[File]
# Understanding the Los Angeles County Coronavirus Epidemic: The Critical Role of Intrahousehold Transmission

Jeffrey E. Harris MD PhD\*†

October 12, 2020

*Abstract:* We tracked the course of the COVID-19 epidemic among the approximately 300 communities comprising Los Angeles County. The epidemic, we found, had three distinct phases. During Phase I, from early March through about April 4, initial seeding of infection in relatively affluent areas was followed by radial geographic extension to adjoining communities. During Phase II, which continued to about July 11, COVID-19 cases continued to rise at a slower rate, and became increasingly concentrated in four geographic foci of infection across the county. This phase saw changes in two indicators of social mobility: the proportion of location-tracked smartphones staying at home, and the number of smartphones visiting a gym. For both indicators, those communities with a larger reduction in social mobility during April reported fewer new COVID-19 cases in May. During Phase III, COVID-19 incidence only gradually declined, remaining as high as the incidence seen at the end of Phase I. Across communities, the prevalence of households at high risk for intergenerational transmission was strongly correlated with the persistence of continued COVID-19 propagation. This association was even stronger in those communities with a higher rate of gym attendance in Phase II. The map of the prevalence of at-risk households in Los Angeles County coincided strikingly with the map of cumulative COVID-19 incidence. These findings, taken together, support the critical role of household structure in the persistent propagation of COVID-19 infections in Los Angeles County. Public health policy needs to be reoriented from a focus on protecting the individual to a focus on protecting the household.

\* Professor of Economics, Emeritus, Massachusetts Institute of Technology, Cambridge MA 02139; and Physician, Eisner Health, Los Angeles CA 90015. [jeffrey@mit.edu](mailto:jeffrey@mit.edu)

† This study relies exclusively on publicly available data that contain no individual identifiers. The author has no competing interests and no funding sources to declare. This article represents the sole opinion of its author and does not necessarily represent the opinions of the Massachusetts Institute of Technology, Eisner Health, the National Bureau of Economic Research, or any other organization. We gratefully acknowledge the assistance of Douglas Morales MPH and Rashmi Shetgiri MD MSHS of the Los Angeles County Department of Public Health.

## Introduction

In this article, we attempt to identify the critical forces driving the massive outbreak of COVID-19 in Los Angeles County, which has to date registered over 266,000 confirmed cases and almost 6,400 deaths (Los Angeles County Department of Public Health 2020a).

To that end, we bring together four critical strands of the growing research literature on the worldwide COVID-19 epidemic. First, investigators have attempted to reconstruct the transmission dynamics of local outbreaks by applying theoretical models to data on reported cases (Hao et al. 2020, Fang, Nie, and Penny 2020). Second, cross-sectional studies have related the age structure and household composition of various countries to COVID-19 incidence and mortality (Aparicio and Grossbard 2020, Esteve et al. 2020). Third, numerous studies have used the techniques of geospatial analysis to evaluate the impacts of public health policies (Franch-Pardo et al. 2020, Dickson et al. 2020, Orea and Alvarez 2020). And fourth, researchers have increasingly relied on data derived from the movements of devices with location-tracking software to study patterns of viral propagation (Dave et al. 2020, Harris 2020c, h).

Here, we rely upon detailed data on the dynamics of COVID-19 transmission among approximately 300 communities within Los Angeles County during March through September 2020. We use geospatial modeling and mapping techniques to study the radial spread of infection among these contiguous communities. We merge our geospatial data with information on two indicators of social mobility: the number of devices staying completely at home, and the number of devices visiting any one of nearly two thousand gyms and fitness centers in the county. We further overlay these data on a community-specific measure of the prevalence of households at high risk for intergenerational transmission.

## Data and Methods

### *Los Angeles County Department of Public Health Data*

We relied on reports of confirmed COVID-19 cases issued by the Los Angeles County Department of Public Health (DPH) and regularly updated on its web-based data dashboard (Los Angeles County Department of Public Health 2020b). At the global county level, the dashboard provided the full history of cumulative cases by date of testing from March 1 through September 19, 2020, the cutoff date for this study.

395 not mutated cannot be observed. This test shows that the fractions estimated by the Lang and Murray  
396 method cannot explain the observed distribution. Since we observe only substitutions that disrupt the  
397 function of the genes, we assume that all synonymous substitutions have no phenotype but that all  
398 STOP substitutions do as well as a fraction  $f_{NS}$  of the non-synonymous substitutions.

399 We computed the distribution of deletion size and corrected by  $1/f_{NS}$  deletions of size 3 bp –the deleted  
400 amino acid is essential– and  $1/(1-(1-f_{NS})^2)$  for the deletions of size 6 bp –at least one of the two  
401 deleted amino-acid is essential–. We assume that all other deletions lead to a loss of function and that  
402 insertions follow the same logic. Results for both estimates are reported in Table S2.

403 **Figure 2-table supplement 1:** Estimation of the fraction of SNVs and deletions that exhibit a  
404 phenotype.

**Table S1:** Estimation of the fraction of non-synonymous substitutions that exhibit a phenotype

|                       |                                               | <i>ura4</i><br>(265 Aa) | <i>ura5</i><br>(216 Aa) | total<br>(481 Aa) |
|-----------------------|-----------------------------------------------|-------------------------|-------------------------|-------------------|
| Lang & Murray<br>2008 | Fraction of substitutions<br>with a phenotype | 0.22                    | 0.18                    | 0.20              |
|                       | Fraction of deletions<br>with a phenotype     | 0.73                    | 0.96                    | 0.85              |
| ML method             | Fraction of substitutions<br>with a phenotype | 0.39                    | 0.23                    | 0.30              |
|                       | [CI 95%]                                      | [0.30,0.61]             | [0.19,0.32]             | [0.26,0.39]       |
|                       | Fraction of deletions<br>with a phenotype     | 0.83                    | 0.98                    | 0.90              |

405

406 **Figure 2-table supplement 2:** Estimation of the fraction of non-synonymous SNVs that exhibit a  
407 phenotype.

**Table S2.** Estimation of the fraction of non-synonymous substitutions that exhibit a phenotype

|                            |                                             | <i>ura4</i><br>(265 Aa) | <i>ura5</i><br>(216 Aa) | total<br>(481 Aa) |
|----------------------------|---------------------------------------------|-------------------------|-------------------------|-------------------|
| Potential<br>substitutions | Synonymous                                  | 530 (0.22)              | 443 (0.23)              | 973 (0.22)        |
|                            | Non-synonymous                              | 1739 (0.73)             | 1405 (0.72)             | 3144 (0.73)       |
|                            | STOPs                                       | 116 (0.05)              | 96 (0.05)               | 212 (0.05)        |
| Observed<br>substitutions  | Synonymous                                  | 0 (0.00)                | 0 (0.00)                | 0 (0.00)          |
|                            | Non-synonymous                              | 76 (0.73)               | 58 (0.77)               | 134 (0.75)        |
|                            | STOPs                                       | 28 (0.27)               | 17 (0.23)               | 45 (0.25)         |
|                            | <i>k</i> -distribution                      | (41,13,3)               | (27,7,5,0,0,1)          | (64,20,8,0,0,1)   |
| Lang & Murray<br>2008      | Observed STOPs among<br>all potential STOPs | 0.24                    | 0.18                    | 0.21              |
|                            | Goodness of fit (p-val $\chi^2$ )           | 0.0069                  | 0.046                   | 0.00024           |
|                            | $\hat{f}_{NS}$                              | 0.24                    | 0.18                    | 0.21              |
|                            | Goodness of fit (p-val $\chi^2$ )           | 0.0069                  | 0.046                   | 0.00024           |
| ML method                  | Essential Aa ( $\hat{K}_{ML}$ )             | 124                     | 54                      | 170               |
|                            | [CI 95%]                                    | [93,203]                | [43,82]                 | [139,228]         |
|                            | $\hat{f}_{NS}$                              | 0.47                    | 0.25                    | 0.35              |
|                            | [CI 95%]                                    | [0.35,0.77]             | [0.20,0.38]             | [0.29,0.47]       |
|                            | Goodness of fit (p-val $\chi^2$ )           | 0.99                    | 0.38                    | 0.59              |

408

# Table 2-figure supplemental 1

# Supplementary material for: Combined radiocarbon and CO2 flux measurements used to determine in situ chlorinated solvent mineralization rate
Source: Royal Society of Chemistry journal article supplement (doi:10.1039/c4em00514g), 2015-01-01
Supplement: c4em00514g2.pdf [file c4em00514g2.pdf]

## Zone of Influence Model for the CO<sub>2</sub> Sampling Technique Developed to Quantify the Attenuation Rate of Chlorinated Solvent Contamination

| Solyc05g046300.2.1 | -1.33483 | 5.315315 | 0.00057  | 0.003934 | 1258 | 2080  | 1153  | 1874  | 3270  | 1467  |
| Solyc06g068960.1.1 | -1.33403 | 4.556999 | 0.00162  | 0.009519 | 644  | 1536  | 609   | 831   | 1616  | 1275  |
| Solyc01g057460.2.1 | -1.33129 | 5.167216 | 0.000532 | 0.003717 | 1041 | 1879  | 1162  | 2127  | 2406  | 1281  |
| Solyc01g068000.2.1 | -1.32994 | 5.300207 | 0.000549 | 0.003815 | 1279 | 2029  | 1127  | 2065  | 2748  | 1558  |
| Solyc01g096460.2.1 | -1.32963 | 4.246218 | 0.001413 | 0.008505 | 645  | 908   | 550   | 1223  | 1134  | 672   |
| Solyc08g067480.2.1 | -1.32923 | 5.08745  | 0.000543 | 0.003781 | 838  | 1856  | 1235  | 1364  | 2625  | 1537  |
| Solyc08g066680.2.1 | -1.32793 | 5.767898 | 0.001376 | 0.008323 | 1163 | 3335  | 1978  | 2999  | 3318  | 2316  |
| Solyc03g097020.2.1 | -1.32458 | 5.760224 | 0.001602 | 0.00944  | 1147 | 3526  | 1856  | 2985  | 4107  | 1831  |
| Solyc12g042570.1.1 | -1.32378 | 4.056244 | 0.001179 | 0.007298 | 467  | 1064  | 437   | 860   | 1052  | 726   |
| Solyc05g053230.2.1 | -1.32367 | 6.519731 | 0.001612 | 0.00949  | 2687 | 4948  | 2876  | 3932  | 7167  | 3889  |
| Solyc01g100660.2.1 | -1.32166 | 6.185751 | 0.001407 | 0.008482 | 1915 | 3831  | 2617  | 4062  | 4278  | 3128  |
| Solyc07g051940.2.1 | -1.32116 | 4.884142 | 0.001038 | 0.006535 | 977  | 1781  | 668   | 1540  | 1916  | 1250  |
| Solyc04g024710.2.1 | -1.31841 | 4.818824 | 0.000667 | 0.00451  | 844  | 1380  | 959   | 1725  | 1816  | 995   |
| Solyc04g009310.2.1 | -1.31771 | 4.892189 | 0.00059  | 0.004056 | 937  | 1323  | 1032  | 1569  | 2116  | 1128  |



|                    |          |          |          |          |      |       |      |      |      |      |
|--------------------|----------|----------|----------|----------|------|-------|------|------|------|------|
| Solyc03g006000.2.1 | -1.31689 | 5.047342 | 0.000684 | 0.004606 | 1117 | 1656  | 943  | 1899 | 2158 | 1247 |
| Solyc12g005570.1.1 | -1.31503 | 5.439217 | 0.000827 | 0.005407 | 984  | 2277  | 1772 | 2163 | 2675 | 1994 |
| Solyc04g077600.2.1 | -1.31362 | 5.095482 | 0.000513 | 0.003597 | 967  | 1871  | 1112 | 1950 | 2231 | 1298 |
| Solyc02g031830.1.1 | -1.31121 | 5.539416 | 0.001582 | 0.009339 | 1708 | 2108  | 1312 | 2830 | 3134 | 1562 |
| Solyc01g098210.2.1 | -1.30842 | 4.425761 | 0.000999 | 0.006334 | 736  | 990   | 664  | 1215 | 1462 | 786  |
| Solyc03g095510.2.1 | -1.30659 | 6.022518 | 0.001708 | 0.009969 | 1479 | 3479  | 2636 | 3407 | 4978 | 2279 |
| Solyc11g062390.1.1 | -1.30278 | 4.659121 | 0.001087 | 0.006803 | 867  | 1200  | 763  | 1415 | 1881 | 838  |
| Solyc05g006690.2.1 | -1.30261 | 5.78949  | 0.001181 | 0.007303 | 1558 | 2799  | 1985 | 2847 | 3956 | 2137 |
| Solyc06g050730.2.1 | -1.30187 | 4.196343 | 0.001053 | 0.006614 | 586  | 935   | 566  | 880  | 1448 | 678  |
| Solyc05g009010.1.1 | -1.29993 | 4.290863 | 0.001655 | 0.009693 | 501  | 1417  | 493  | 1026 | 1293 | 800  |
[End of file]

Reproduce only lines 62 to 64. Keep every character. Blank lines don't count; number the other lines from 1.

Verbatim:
| Solyc01g057460.2.1 | -1.33129 | 5.167216 | 0.000532 | 0.003717 | 1041 | 1879  | 1162  | 2127  | 2406  | 1281  |
| Solyc01g068000.2.1 | -1.32994 | 5.300207 | 0.000549 | 0.003815 | 1279 | 2029  | 1127  | 2065  | 2748  | 1558  |
| Solyc01g096460.2.1 | -1.32963 | 4.246218 | 0.001413 | 0.008505 | 645  | 908   | 550   | 1223  | 1134  | 672   |